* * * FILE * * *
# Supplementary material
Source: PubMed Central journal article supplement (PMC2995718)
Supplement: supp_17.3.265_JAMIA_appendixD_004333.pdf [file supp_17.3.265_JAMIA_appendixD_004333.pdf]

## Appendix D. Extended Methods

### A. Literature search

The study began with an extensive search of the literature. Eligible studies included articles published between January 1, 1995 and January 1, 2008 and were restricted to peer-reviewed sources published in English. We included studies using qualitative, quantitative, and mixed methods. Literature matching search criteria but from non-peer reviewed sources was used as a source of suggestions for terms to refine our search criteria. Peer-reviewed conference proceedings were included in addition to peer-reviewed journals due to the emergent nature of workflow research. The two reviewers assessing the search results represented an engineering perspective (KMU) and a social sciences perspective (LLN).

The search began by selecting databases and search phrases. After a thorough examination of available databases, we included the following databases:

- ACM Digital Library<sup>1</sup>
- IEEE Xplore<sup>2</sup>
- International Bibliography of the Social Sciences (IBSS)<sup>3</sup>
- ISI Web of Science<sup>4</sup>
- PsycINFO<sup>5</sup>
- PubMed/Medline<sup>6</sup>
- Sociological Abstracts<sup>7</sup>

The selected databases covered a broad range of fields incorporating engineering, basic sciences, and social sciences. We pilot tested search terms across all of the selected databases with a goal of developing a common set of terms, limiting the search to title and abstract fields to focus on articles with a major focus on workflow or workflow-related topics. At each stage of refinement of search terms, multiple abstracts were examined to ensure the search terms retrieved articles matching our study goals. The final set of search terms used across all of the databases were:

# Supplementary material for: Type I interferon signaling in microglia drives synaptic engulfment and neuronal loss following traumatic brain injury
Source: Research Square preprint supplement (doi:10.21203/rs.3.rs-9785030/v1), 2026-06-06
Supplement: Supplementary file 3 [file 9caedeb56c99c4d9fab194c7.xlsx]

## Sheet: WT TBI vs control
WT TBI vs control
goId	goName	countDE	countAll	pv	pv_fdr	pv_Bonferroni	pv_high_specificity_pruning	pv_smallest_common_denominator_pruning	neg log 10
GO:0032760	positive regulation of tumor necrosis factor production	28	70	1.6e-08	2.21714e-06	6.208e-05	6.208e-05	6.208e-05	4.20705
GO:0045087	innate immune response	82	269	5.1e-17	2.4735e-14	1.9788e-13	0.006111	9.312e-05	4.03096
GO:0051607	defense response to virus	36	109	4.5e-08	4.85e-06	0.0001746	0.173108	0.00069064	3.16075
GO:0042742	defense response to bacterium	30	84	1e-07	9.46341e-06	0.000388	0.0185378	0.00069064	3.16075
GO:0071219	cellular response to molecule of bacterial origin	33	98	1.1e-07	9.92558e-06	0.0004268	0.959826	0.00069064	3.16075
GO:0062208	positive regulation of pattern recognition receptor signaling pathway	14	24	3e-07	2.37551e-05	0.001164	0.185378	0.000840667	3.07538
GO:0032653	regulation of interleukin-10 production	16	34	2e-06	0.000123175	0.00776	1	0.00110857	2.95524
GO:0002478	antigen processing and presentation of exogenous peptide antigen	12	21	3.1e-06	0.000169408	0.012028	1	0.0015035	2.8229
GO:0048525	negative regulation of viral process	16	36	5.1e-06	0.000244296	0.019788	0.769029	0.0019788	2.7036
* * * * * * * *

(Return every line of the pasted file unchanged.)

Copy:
# Supplementary material
Source: PubMed Central journal article supplement (PMC2995718)
Supplement: supp_17.3.265_JAMIA_appendixD_004333.pdf [file supp_17.3.265_JAMIA_appendixD_004333.pdf]

## Appendix D. Extended Methods

### A. Literature search

The study began with an extensive search of the literature. Eligible studies included articles published between January 1, 1995 and January 1, 2008 and were restricted to peer-reviewed sources published in English. We included studies using qualitative, quantitative, and mixed methods. Literature matching search criteria but from non-peer reviewed sources was used as a source of suggestions for terms to refine our search criteria. Peer-reviewed conference proceedings were included in addition to peer-reviewed journals due to the emergent nature of workflow research. The two reviewers assessing the search results represented an engineering perspective (KMU) and a social sciences perspective (LLN).

The search began by selecting databases and search phrases. After a thorough examination of available databases, we included the following databases:

- ACM Digital Library<sup>1</sup>
- IEEE Xplore<sup>2</sup>
- International Bibliography of the Social Sciences (IBSS)<sup>3</sup>
- ISI Web of Science<sup>4</sup>
- PsycINFO<sup>5</sup>
- PubMed/Medline<sup>6</sup>
- Sociological Abstracts<sup>7</sup>

The selected databases covered a broad range of fields incorporating engineering, basic sciences, and social sciences. We pilot tested search terms across all of the selected databases with a goal of developing a common set of terms, limiting the search to title and abstract fields to focus on articles with a major focus on workflow or workflow-related topics. At each stage of refinement of search terms, multiple abstracts were examined to ensure the search terms retrieved articles matching our study goals. The final set of search terms used across all of the databases were:

# Supplementary material for: Type I interferon signaling in microglia drives synaptic engulfment and neuronal loss following traumatic brain injury
Source: Research Square preprint supplement (doi:10.21203/rs.3.rs-9785030/v1), 2026-06-06
Supplement: Supplementary file 3 [file 9caedeb56c99c4d9fab194c7.xlsx]

## Sheet: WT TBI vs control
WT TBI vs control
goId	goName	countDE	countAll	pv	pv_fdr	pv_Bonferroni	pv_high_specificity_pruning	pv_smallest_common_denominator_pruning	neg log 10
GO:0032760	positive regulation of tumor necrosis factor production	28	70	1.6e-08	2.21714e-06	6.208e-05	6.208e-05	6.208e-05	4.20705
GO:0045087	innate immune response	82	269	5.1e-17	2.4735e-14	1.9788e-13	0.006111	9.312e-05	4.03096
GO:0051607	defense response to virus	36	109	4.5e-08	4.85e-06	0.0001746	0.173108	0.00069064	3.16075
GO:0042742	defense response to bacterium	30	84	1e-07	9.46341e-06	0.000388	0.0185378	0.00069064	3.16075
GO:0071219	cellular response to molecule of bacterial origin	33	98	1.1e-07	9.92558e-06	0.0004268	0.959826	0.00069064	3.16075
GO:0062208	positive regulation of pattern recognition receptor signaling pathway	14	24	3e-07	2.37551e-05	0.001164	0.185378	0.000840667	3.07538
GO:0032653	regulation of interleukin-10 production	16	34	2e-06	0.000123175	0.00776	1	0.00110857	2.95524
GO:0002478	antigen processing and presentation of exogenous peptide antigen	12	21	3.1e-06	0.000169408	0.012028	1	0.0015035	2.8229
GO:0048525	negative regulation of viral process	16	36	5.1e-06	0.000244296	0.019788	0.769029	0.0019788	2.7036